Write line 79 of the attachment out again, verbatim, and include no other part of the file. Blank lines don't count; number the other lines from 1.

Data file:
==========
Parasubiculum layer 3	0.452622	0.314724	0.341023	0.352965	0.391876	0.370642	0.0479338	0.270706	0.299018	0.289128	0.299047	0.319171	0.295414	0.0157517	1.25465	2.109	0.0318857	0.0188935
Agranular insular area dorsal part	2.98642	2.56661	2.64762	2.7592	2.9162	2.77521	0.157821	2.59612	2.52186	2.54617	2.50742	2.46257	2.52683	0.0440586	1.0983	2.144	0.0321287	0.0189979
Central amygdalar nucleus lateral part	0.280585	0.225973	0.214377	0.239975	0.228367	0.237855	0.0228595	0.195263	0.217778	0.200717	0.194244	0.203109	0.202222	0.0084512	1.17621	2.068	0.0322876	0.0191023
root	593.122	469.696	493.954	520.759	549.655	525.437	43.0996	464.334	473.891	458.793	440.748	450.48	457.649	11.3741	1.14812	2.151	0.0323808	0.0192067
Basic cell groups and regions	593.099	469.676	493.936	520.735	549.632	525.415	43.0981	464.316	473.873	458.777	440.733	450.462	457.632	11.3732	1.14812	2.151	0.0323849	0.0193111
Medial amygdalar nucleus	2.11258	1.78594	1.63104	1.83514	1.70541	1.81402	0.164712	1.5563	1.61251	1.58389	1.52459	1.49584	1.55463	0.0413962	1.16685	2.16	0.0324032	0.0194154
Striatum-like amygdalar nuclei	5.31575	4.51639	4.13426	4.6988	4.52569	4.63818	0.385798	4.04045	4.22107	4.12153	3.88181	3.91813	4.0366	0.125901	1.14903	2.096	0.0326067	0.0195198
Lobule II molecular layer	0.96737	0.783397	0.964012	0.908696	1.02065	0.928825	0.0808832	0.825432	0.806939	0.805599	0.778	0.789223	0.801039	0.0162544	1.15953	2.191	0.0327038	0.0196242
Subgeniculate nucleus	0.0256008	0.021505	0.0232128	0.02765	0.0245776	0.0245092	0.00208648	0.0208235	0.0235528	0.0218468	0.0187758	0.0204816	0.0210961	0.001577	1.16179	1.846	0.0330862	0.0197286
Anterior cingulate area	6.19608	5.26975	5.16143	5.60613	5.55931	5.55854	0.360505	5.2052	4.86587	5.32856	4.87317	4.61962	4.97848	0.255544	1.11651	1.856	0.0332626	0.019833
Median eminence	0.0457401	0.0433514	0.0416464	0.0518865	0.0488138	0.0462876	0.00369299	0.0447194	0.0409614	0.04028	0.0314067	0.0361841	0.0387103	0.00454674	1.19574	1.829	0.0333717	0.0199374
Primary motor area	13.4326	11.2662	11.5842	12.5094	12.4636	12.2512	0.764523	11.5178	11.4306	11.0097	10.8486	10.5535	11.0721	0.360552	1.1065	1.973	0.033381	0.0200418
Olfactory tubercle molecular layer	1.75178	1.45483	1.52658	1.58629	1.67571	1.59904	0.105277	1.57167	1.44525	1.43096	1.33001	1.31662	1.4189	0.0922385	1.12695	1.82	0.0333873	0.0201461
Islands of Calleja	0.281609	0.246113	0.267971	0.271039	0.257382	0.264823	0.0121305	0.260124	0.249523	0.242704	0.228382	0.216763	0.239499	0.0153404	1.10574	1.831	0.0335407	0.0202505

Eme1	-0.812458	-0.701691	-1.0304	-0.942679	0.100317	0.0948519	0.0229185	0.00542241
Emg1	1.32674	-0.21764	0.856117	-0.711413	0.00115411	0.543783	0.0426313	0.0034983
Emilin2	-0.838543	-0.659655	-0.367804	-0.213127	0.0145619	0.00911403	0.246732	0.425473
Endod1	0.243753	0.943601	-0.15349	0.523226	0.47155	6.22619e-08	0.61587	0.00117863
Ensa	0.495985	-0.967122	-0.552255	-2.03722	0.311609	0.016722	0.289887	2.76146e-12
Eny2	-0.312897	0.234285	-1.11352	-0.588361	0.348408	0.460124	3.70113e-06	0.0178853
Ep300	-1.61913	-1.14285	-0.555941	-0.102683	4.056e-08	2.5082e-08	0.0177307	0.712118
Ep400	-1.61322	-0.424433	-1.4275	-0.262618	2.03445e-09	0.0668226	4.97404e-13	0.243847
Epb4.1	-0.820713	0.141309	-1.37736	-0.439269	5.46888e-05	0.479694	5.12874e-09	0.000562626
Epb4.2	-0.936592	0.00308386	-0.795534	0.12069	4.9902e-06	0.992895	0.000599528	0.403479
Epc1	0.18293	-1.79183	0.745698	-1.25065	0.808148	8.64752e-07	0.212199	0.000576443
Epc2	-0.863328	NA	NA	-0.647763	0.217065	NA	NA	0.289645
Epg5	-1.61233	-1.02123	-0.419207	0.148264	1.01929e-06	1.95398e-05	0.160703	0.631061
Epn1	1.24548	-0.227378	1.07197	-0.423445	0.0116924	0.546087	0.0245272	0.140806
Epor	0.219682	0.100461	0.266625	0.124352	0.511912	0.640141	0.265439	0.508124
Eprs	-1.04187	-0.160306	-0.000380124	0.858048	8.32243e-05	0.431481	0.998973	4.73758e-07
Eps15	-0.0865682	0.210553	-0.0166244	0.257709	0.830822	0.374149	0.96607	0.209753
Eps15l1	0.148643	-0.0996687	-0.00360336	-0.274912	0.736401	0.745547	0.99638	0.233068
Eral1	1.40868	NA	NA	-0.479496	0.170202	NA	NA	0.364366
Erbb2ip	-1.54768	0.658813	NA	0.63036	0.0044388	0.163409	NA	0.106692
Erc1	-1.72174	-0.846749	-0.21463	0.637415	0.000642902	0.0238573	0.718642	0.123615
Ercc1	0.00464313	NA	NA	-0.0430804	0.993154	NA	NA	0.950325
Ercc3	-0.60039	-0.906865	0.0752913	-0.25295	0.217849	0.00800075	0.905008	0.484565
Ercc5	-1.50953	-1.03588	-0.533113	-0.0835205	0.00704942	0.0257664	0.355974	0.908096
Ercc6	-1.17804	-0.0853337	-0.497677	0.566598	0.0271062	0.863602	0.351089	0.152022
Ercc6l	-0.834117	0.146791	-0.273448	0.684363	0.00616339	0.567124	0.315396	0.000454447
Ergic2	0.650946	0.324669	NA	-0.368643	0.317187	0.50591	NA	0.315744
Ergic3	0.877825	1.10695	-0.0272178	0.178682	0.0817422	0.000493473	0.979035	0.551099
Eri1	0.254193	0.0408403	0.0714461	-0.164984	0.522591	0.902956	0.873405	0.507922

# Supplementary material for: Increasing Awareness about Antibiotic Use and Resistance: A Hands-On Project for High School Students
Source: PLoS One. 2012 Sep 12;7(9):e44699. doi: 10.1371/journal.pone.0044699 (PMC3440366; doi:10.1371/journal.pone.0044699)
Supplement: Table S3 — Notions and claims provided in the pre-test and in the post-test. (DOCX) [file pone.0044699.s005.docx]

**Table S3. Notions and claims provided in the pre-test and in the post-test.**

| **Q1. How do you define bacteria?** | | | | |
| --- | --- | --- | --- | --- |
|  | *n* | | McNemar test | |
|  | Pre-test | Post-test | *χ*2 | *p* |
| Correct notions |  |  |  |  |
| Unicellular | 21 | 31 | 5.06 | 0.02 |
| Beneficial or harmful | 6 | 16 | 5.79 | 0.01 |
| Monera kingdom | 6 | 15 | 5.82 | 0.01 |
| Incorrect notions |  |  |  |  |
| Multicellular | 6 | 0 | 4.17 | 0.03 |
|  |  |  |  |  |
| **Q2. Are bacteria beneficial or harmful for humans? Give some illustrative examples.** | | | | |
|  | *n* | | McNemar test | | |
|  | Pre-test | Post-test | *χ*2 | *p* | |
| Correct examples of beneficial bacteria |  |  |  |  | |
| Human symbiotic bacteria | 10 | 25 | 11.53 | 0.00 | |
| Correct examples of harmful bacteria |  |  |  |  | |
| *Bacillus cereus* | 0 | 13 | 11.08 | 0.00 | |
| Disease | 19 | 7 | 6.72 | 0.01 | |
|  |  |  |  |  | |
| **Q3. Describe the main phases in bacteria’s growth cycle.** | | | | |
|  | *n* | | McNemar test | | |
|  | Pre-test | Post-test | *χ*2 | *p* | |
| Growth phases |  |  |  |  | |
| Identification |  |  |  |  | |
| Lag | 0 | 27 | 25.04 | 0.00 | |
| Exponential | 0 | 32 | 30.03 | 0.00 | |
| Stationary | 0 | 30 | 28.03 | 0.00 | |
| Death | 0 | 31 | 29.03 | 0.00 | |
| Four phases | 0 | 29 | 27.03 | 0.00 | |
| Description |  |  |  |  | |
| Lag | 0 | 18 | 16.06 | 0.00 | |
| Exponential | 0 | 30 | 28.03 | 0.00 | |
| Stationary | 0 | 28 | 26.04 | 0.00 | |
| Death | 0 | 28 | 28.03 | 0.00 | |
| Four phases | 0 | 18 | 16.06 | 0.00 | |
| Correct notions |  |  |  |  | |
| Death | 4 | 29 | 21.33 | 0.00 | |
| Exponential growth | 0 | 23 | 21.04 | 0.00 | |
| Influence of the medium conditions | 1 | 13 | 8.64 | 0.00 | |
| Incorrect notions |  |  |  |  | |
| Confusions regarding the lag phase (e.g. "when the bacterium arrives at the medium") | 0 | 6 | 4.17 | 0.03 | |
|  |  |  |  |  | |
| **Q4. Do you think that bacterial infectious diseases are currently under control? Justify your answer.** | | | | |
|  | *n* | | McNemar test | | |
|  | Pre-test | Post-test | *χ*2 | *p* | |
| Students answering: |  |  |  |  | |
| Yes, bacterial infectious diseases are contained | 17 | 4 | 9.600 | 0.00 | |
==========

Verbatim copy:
| Lag | 0 | 18 | 16.06 | 0.00 | |